Abshire and Riley are united in their advice to new players of the Cajun accordion. Rather than focusing upon fast finger work, Abshire advises instead that beginning players take the time to pay their dues to master the instrument, but also to become deeply familiar with the culture and the history of the musical genre, telling his students that “You have to listen, listen, listen. Make sure you listen to the music a lot. Hum and listen to these tunes until it becomes natural. If you don’t have the melodies inside you they won’t come out.” Many players try to get too fancy too fast, forgetting that in traditional music less is often more. “You need to learn to play with your feet. A lot of players go too fast. You have to play the bass side of the accordion as well. You have to keep time. The notes you leave out are just as important as the notes you leave in. Beginners want to throw in too many notes in there and the melody gets lost. You don’t want to get too busy on any instrument. Leave some notes out.”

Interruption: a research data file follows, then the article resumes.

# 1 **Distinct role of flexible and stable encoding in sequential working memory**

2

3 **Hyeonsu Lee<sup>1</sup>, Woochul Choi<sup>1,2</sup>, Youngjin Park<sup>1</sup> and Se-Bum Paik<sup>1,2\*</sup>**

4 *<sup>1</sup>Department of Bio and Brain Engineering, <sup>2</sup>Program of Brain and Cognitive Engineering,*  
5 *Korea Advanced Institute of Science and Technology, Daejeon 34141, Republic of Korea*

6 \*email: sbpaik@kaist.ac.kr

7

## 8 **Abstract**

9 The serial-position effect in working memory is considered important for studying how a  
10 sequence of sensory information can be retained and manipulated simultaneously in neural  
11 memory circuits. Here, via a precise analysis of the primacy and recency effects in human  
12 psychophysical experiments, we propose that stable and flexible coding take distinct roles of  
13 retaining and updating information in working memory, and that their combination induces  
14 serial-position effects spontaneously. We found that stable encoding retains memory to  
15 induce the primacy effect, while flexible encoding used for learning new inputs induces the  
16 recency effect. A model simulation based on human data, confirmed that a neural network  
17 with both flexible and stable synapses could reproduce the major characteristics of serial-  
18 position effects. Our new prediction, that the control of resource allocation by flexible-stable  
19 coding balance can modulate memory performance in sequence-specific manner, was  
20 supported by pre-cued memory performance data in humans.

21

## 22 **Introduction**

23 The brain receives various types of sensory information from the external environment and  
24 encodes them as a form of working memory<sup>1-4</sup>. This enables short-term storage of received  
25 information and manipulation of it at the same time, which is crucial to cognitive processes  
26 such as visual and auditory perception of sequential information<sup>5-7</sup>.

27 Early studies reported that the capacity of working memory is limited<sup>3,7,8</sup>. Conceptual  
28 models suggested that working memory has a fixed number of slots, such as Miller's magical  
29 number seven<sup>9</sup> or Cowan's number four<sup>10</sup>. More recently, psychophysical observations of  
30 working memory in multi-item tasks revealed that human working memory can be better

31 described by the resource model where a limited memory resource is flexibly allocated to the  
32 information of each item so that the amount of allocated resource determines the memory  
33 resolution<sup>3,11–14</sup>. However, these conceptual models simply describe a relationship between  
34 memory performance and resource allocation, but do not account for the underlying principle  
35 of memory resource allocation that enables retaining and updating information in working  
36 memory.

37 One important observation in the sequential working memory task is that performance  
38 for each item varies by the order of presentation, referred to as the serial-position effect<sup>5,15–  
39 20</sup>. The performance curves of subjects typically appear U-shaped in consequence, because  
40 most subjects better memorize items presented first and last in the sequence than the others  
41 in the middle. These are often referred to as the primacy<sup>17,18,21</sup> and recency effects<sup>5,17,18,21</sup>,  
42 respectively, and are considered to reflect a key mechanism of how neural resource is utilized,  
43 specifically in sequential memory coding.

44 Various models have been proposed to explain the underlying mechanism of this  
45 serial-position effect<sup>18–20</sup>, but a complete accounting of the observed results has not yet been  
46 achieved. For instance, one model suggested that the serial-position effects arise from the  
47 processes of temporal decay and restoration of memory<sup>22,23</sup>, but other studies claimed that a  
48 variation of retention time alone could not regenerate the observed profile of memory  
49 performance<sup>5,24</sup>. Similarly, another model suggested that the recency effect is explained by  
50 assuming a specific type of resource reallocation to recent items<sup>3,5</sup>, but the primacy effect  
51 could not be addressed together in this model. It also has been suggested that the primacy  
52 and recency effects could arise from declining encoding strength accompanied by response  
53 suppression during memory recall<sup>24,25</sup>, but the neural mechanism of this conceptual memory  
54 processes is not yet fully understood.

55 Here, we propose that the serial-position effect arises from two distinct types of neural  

Riley agrees that playing the Cajun accordion well is not about showing off, but instead finding a way to tap into what has kept the tradition alive. “I would tell new players to listen to the old guys, listen to the old records, learn the standard repertoire. Don’t try to get too fancy. Learn the melody correctly, play with good feeling and tuning and with a lot of feeling. This is not music made to be fancy. This is down home roots music. It’s some of the most traditional music in the world.” In agreement, Abshire tells new players to “Learn three songs really well, a two-step, a waltz, and a blues tune.” The importance of practice cannot be overstated for learning the craft. “Playing music is about mind over muscle,” says Abshire. “Don’t try to learn 30 songs badly, but learn three songs well. Keep it very limited in the beginning. Mind over muscle. Listen to yourself play and strive to perfect it. It’s something you learn with age and from listening to a lot of music, a lot of music.”
Riley and Abshire are proud to serve as ambassadors of traditional Cajun culture.
“My family is deeply rooted in the music of Southwest Louisiana and it is through events like the festival and the workshop that we can present the sounds that were handed down to us,” said Abshire. “It also gives artists an opportunity to have open discussion with students and listeners alike. As my dear friend Dewey Balfa once said, ‘Culture is handed down one generation at a time.’”